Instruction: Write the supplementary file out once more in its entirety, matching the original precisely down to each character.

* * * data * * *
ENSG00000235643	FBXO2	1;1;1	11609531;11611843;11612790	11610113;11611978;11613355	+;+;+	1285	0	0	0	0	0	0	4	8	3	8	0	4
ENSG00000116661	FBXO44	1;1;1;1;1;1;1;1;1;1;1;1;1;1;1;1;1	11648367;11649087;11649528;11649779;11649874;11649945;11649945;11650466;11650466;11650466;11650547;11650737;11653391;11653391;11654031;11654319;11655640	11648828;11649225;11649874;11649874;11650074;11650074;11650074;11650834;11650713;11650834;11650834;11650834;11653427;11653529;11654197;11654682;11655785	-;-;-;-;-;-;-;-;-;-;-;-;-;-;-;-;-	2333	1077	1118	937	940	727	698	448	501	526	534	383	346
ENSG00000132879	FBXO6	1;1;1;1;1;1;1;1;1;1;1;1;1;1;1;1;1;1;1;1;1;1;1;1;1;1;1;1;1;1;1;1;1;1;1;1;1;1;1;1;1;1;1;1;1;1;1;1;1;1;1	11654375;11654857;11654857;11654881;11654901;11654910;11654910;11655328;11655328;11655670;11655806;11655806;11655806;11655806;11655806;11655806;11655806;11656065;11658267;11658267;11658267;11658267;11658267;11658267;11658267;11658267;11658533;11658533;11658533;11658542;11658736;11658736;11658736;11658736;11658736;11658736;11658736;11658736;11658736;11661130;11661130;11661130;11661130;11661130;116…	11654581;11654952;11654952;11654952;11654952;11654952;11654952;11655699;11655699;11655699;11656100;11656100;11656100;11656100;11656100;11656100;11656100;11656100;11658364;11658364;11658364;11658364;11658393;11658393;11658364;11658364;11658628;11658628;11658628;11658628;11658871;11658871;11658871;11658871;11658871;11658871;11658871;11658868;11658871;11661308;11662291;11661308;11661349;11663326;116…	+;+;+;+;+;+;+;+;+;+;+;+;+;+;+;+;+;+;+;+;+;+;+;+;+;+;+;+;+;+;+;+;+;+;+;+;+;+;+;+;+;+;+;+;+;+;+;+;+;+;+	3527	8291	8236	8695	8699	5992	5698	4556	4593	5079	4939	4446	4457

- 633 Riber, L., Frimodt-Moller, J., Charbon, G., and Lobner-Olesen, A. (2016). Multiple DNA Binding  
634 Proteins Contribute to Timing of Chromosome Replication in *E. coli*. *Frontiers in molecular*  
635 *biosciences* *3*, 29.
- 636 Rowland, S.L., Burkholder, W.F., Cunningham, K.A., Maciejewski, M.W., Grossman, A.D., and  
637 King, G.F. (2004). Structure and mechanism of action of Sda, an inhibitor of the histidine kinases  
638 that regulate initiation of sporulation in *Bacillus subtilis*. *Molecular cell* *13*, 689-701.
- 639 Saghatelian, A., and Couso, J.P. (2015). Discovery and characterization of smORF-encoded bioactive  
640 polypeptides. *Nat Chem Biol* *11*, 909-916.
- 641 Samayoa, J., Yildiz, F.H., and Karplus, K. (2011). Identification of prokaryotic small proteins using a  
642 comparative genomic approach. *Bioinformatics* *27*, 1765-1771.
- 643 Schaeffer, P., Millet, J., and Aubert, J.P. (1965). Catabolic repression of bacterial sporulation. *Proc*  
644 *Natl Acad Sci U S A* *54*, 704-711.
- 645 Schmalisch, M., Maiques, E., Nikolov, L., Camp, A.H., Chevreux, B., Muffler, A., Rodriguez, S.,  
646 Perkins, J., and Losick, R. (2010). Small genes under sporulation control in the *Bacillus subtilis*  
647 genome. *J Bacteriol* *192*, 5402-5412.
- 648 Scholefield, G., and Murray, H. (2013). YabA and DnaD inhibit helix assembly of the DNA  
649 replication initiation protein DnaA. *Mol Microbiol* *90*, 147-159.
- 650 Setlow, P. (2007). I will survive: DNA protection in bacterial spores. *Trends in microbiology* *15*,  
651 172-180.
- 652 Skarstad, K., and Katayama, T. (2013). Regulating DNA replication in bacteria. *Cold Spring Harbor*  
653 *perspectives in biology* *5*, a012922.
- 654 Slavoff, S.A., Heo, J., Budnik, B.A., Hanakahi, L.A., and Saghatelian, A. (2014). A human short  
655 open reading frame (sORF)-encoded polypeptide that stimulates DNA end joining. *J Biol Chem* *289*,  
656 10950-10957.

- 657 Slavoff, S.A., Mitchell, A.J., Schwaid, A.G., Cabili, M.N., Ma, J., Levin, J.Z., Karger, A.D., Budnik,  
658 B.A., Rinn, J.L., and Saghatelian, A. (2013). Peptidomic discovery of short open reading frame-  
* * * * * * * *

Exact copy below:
ENSG00000235643	FBXO2	1;1;1	11609531;11611843;11612790	11610113;11611978;11613355	+;+;+	1285	0	0	0	0	0	0	4	8	3	8	0	4
ENSG00000116661	FBXO44	1;1;1;1;1;1;1;1;1;1;1;1;1;1;1;1;1	11648367;11649087;11649528;11649779;11649874;11649945;11649945;11650466;11650466;11650466;11650547;11650737;11653391;11653391;11654031;11654319;11655640	11648828;11649225;11649874;11649874;11650074;11650074;11650074;11650834;11650713;11650834;11650834;11650834;11653427;11653529;11654197;11654682;11655785	-;-;-;-;-;-;-;-;-;-;-;-;-;-;-;-;-	2333	1077	1118	937	940	727	698	448	501	526	534	383	346
ENSG00000132879	FBXO6	1;1;1;1;1;1;1;1;1;1;1;1;1;1;1;1;1;1;1;1;1;1;1;1;1;1;1;1;1;1;1;1;1;1;1;1;1;1;1;1;1;1;1;1;1;1;1;1;1;1;1	11654375;11654857;11654857;11654881;11654901;11654910;11654910;11655328;11655328;11655670;11655806;11655806;11655806;11655806;11655806;11655806;11655806;11656065;11658267;11658267;11658267;11658267;11658267;11658267;11658267;11658267;11658533;11658533;11658533;11658542;11658736;11658736;11658736;11658736;11658736;11658736;11658736;11658736;11658736;11661130;11661130;11661130;11661130;11661130;116…	11654581;11654952;11654952;11654952;11654952;11654952;11654952;11655699;11655699;11655699;11656100;11656100;11656100;11656100;11656100;11656100;11656100;11656100;11658364;11658364;11658364;11658364;11658393;11658393;11658364;11658364;11658628;11658628;11658628;11658628;11658871;11658871;11658871;11658871;11658871;11658871;11658871;11658868;11658871;11661308;11662291;11661308;11661349;11663326;116…	+;+;+;+;+;+;+;+;+;+;+;+;+;+;+;+;+;+;+;+;+;+;+;+;+;+;+;+;+;+;+;+;+;+;+;+;+;+;+;+;+;+;+;+;+;+;+;+;+;+;+	3527	8291	8236	8695	8699	5992	5698	4556	4593	5079	4939	4446	4457

- 633 Riber, L., Frimodt-Moller, J., Charbon, G., and Lobner-Olesen, A. (2016). Multiple DNA Binding  
634 Proteins Contribute to Timing of Chromosome Replication in *E. coli*. *Frontiers in molecular*  
635 *biosciences* *3*, 29.
- 636 Rowland, S.L., Burkholder, W.F., Cunningham, K.A., Maciejewski, M.W., Grossman, A.D., and  
637 King, G.F. (2004). Structure and mechanism of action of Sda, an inhibitor of the histidine kinases  
638 that regulate initiation of sporulation in *Bacillus subtilis*. *Molecular cell* *13*, 689-701.
- 639 Saghatelian, A., and Couso, J.P. (2015). Discovery and characterization of smORF-encoded bioactive  
640 polypeptides. *Nat Chem Biol* *11*, 909-916.
- 641 Samayoa, J., Yildiz, F.H., and Karplus, K. (2011). Identification of prokaryotic small proteins using a  
642 comparative genomic approach. *Bioinformatics* *27*, 1765-1771.
- 643 Schaeffer, P., Millet, J., and Aubert, J.P. (1965). Catabolic repression of bacterial sporulation. *Proc*  
644 *Natl Acad Sci U S A* *54*, 704-711.
- 645 Schmalisch, M., Maiques, E., Nikolov, L., Camp, A.H., Chevreux, B., Muffler, A., Rodriguez, S.,  
646 Perkins, J., and Losick, R. (2010). Small genes under sporulation control in the *Bacillus subtilis*  
647 genome. *J Bacteriol* *192*, 5402-5412.
- 648 Scholefield, G., and Murray, H. (2013). YabA and DnaD inhibit helix assembly of the DNA  
649 replication initiation protein DnaA. *Mol Microbiol* *90*, 147-159.
- 650 Setlow, P. (2007). I will survive: DNA protection in bacterial spores. *Trends in microbiology* *15*,  
651 172-180.
- 652 Skarstad, K., and Katayama, T. (2013). Regulating DNA replication in bacteria. *Cold Spring Harbor*  
653 *perspectives in biology* *5*, a012922.
- 654 Slavoff, S.A., Heo, J., Budnik, B.A., Hanakahi, L.A., and Saghatelian, A. (2014). A human short  
655 open reading frame (sORF)-encoded polypeptide that stimulates DNA end joining. *J Biol Chem* *289*,  
656 10950-10957.

- 657 Slavoff, S.A., Mitchell, A.J., Schwaid, A.G., Cabili, M.N., Ma, J., Levin, J.Z., Karger, A.D., Budnik,  
658 B.A., Rinn, J.L., and Saghatelian, A. (2013). Peptidomic discovery of short open reading frame-  